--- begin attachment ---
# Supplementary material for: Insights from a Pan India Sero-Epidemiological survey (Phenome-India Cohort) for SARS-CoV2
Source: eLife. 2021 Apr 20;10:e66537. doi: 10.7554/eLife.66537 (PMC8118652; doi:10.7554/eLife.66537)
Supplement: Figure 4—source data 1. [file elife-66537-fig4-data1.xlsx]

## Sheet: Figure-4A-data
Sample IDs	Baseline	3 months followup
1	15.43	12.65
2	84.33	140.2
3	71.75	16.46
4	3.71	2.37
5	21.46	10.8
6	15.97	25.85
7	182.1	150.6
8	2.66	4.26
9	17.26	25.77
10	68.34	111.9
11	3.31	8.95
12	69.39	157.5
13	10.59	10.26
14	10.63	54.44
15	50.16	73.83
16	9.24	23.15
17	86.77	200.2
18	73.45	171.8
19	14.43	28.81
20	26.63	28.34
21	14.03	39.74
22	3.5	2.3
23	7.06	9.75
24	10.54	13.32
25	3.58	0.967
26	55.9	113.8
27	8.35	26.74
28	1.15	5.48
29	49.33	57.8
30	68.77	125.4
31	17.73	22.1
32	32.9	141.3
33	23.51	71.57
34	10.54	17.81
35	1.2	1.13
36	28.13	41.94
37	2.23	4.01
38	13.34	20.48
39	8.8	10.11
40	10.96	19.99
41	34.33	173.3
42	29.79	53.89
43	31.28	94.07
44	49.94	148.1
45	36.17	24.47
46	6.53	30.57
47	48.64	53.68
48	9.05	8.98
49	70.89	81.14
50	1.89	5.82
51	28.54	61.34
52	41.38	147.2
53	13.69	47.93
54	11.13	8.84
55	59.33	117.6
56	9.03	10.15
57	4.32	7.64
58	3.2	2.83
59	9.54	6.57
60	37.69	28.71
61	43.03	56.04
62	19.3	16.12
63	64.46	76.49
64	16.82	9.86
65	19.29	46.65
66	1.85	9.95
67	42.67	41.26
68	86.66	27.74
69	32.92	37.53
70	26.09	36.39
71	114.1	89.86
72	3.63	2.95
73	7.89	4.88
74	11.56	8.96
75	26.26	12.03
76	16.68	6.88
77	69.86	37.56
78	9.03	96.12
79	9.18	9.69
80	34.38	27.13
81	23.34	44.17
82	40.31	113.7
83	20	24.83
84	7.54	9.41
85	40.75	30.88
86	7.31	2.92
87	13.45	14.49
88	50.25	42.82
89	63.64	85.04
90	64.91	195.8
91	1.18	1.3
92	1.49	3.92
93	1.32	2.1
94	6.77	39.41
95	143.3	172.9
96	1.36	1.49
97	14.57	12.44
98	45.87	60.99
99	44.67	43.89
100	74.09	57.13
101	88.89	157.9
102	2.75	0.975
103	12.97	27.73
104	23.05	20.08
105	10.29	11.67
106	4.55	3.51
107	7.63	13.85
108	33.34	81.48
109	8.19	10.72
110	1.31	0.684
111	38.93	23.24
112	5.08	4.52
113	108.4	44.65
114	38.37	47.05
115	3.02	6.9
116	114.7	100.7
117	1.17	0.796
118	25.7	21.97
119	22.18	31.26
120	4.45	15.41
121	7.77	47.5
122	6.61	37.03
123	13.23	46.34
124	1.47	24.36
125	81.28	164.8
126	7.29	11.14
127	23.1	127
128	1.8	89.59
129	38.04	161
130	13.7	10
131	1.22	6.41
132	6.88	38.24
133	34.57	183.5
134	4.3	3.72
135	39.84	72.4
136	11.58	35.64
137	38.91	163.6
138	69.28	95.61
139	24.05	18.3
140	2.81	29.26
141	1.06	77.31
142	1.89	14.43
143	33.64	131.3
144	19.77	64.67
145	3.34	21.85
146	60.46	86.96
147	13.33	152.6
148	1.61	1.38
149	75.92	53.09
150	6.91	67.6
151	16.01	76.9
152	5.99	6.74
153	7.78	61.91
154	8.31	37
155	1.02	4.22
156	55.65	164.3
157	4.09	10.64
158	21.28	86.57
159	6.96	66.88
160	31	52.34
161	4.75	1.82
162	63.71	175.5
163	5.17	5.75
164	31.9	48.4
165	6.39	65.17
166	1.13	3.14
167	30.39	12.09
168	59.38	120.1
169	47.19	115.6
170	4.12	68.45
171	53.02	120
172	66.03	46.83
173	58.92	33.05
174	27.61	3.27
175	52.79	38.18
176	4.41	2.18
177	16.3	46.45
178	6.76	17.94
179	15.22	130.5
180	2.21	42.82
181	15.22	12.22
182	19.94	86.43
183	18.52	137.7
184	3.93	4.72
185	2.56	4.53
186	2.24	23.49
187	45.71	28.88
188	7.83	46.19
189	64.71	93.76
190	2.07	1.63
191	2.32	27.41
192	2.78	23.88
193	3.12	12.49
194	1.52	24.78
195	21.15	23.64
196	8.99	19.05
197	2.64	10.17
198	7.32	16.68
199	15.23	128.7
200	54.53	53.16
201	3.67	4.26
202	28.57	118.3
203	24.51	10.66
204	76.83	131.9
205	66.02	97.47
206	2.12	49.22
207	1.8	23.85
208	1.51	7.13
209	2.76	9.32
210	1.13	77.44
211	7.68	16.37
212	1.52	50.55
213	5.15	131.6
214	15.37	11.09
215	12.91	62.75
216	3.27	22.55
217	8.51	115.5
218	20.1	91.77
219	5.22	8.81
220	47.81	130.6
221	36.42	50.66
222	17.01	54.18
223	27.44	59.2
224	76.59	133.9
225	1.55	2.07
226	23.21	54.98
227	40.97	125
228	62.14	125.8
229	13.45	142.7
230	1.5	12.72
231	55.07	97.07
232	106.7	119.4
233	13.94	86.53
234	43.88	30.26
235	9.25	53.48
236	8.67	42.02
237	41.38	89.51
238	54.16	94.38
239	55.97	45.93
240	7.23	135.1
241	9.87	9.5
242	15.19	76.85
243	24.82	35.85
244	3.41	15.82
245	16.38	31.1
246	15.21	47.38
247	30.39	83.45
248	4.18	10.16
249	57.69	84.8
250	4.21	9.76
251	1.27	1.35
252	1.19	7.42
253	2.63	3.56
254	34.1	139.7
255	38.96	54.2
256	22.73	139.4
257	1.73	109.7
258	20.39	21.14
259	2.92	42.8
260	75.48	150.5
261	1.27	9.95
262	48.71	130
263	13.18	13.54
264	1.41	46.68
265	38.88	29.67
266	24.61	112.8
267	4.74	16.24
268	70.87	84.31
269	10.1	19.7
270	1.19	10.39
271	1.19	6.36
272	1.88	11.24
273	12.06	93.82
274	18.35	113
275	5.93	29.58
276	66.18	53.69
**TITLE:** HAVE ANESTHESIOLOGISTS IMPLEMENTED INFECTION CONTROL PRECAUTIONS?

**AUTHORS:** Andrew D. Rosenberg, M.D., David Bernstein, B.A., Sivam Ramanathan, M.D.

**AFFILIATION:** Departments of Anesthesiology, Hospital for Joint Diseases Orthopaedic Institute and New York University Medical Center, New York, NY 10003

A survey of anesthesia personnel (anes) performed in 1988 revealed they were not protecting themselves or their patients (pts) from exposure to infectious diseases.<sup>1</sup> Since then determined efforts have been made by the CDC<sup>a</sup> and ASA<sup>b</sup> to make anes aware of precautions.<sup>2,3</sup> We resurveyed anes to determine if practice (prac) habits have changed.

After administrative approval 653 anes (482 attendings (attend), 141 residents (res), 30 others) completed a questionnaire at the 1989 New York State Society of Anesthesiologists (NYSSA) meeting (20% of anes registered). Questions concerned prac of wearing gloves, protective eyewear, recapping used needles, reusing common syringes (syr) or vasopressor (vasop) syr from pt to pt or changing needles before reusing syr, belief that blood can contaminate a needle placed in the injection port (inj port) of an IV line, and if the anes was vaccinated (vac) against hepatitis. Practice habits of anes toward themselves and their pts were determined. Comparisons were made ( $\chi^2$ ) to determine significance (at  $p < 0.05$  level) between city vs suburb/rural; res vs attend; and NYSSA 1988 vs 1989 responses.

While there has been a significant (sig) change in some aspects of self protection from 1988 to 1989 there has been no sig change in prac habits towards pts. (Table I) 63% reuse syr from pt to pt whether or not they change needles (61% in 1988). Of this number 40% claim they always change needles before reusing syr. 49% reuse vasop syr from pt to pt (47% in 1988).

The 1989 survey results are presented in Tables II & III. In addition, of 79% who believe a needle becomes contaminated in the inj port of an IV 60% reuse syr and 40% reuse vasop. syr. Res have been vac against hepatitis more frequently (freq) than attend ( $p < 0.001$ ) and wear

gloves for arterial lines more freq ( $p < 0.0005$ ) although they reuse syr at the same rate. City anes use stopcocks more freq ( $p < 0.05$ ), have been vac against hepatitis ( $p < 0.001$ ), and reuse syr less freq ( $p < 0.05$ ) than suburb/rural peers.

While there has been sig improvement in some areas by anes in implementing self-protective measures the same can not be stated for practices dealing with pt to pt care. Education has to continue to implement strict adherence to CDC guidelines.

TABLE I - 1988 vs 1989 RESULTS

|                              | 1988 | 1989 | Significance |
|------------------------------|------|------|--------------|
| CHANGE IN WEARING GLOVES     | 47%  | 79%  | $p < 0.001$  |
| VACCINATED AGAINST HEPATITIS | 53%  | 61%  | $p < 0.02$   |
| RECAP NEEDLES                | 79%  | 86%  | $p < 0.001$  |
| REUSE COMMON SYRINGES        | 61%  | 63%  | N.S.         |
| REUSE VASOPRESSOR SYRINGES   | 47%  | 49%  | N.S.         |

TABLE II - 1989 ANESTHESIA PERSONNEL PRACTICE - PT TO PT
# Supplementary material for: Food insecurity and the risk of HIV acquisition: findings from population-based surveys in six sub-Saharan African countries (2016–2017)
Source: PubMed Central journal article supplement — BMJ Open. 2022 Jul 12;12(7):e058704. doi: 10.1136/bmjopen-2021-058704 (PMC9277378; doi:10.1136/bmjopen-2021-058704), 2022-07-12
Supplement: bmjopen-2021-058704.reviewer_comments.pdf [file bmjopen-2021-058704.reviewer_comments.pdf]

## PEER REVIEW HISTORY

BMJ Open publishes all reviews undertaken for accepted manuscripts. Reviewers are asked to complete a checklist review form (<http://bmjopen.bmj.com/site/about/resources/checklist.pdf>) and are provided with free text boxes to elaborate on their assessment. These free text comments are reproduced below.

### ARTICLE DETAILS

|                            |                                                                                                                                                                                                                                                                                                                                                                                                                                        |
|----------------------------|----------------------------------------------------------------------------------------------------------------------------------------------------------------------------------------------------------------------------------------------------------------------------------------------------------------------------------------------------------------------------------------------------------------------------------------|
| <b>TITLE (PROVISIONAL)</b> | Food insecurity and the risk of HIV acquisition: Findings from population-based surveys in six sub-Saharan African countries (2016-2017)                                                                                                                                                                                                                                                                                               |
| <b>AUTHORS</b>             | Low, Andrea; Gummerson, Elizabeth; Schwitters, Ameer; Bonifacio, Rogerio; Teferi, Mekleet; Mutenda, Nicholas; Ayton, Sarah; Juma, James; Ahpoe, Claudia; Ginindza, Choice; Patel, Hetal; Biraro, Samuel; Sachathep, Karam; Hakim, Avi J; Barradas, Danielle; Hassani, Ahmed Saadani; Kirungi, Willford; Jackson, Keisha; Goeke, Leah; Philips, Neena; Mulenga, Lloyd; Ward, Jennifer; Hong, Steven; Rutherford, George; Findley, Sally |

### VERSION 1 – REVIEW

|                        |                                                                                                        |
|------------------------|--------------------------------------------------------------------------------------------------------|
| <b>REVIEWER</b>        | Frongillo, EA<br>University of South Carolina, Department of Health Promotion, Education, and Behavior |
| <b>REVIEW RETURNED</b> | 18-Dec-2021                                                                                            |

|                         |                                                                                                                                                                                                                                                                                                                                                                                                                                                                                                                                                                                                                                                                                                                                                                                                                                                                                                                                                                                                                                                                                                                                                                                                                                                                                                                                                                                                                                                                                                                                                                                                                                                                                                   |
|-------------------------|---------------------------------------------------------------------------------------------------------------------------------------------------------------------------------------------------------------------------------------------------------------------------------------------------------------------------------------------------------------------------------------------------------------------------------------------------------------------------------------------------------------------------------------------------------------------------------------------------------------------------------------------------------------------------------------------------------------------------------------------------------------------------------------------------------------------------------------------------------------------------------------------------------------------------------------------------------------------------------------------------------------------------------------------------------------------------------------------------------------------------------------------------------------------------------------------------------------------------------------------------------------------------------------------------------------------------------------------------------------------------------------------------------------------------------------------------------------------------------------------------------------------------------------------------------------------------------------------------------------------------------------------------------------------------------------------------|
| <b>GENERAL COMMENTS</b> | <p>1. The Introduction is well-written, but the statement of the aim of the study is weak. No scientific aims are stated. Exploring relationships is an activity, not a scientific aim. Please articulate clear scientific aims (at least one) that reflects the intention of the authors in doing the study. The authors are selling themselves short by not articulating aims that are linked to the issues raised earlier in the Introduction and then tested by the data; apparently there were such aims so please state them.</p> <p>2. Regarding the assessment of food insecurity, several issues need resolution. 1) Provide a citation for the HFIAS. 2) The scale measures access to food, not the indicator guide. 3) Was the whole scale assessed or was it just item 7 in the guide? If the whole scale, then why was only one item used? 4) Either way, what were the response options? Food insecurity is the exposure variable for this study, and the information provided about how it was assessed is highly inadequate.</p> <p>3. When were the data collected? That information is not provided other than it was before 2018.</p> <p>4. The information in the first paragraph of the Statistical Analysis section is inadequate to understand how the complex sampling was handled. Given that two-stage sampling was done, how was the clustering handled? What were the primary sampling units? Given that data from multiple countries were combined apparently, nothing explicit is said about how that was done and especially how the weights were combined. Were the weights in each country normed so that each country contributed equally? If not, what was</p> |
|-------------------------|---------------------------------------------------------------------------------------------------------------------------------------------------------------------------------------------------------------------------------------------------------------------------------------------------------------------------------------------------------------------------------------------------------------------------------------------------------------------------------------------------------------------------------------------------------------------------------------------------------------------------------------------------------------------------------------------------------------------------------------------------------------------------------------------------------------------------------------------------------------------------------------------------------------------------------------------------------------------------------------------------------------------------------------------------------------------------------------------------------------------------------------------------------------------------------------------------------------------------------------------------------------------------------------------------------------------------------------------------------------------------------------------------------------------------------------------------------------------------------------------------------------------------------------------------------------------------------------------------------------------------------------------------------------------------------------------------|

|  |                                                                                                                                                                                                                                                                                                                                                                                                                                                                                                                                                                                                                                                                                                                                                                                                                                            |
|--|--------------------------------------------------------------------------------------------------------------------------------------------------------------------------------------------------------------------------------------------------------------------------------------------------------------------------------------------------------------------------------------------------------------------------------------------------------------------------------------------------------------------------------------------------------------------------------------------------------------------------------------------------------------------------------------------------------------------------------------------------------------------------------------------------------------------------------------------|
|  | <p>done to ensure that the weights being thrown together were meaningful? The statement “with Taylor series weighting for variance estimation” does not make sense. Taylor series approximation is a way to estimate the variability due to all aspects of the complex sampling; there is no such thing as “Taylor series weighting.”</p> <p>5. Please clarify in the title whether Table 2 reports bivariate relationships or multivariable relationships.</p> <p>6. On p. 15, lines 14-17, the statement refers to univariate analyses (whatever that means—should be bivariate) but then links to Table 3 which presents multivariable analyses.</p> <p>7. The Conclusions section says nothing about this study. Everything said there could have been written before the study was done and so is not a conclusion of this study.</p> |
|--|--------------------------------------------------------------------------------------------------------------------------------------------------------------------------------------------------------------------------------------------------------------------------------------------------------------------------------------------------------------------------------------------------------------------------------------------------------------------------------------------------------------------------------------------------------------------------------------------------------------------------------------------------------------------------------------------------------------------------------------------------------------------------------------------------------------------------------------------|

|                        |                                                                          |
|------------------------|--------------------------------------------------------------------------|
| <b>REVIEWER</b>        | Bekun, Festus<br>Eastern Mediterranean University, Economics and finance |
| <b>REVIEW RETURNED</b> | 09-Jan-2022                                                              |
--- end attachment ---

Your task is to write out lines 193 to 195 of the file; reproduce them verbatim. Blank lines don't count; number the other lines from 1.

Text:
188	7.83	46.19
189	64.71	93.76
190	2.07	1.63